Size: 49 000 m² 

Completed: July 2022  

Location: Amsterdam, Netherlands 

Located on the outskirts of Amsterdam in the neighbourhood of IJburg Steigereiland, the gravity-defying, floating building Sluishuis reinterprets the classic courtyard typology for life on water. Following four years of construction, the mixed-use development by joint venture VORM/BESIX is officially completed. Designed by Bjarke Ingels Group and Barcode Architects, Sluishuis brings 442 zero-energy rental and owner-occupied apartments, a public rooftop garden and walkway, and a comprehensive water-quality programme with riverwalks and space for more than 30 houseboats. 

Let’s see what makes this zero EPC big build such a remarkable architectural feat… 

Location and design 

In a fusion of water and city, Sluishuis extends the world-famous urban environment of Amsterdam into the IJ Lake – becoming a floating block that forms part of the downtown area. Located between the dense city and the vast landscapes on the edge of Amsterdam, the new Sluishuis mixed-use development is shaped by its complex surroundings – at once close to large infrastructure and small-scale urban settlements. The classic courtyard building is revitalised by two transformations: it fully embraces the idea of living on the water and appears different from every vantage point.  

Towards the water’s side, the block is lifted up, rising from the river to form a large opening that brings water from the lake into the courtyard and daylight and views to the complex’s inner apartments. This gate also enables ships to enter and dock in the port-yard. So, in a sense, Sluishuis is a building inside a port, with a port inside the building. Towards the neighbouring urban district, the block steps down like a cascade of landscaped terraces, creating a natural transition from cityscape to smaller-scale, natural surroundings and inviting visitors to climb its roof to enjoy the panoramic view. 

A promenade with public programmes winds around the building and continues into the water, forming an archipelago of islands with houseboats, mooring places, sitting decks, a sailing school, a restaurant, a water sports centre, and floating gardens. A public passage climbs the cascading terraces of the building, serving as a small rooftop street that eventually loops onto the very top of the building to create a viewing platform over the IJ Lake. The passage not only becomes a destination for visitors and neighbours, but also serves to connect the residential units to each other to create a unique, three-dimensional community between the residents of the building.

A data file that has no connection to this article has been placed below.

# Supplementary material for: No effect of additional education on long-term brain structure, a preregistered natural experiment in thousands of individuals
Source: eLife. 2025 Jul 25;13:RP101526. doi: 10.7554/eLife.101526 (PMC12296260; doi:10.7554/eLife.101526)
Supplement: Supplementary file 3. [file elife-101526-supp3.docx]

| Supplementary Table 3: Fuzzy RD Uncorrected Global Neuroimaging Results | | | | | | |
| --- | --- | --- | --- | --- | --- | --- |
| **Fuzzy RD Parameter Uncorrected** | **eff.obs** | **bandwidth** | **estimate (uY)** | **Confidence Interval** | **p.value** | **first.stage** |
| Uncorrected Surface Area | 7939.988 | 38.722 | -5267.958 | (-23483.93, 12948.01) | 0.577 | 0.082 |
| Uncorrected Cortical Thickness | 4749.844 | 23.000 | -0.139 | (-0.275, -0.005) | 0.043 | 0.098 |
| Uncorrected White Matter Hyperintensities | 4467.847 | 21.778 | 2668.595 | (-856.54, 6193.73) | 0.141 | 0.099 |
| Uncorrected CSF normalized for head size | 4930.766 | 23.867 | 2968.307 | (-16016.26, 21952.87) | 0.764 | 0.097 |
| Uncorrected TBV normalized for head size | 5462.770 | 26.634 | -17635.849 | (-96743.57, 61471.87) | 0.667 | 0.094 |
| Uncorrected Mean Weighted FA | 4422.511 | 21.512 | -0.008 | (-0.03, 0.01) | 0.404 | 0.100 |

The silhouette of Sluishuis changes as one moves around the building. At one vantage point, it appears as the bow of a ship, reflecting the water below. From another, it looks like a vertical green community, inviting visitors to engage directly with it. And finally, the structure appears like a true urban block with street access, city liveliness, and neighbours, backdropped by the rest of Amsterdam. 


The building’s material selection seeks to create contrast while still facilitating a connection with its surroundings. Natural materials maintain a rich and natural appearance, crafting a timeless look that will last for years to come. The façade’s abstract, untreated aluminium reflects the water and gives the structure a different appearance at any time of the day. Lastly, the stepped roof terraces, plus the jetty promenade are made of wood, giving Sluishuis a contrasting, tactile appearance. 


The sustainability of Sluishuis is an integral part of the project. With an energy performance coefficient (EPC) of 0.00, Sluishuis generates more energy than it consumes. The building’s heating requirements are minimised by combining high-performance insulation techniques, triple glazing, and heat recovery from the ventilation systems and shower wastewater. Energy consumption is further reduced by a heat and cold storage (CHS) system in the ground for heating and cooling, in combination with a connection to the district heating system for peak times. The remaining energy consumption for heating, heat pumps, ventilation, and LED lighting is fully compensated by approximately 2200 m² of solar panels, to which an entire floating island adjacent to the project is dedicated. 


The development team of Sluishuis paid particular attention to greenspace and water collection. Designed by BIG Landscape, the front sides and the inner harbour of the building feature gardens with local plant species. The greenery runs across the roof terraces up into integrated planters, creating a vibrant green atmosphere over time. The carefully designed landscape also stimulates flora and fauna with a bird island. With strong architecture, new housing typologies, high-quality outdoor spaces, and a breath-taking view over the IJmeer, Sluishuis forms a welcoming entrance to Amsterdam IJburg. 


Client: VORM, BESIX Real Estate Development and Building Consortium BESIX Nederland  

Architects: Barcode Architects, BIG – Bjarke Ingels Group 

Landscape architects: BIG Landscape 

Engineers: Van Rossum, DWA, BIG Engineering 

Building physics: Buro Bouwfysica 

Sustainability: BIG Sustainability, Klimaatgarant, DWA 

Partners in charge: Bjarke Ingels, Finn Nørkjær, Andreas Klok Pedersen, Dirk Peters 

Project managers: Jeppe Langer and Robbert Peters 

Concept design leads: Dimitrie Grigorescu, Jan Magasanik 

Developers: VORM, BESIX Real Estate Development and BESIX Nederland 

Photographer: Ossip van Duivenbode 

BIG LOGO 02 1200px wide

Bjarke Ingels Group 


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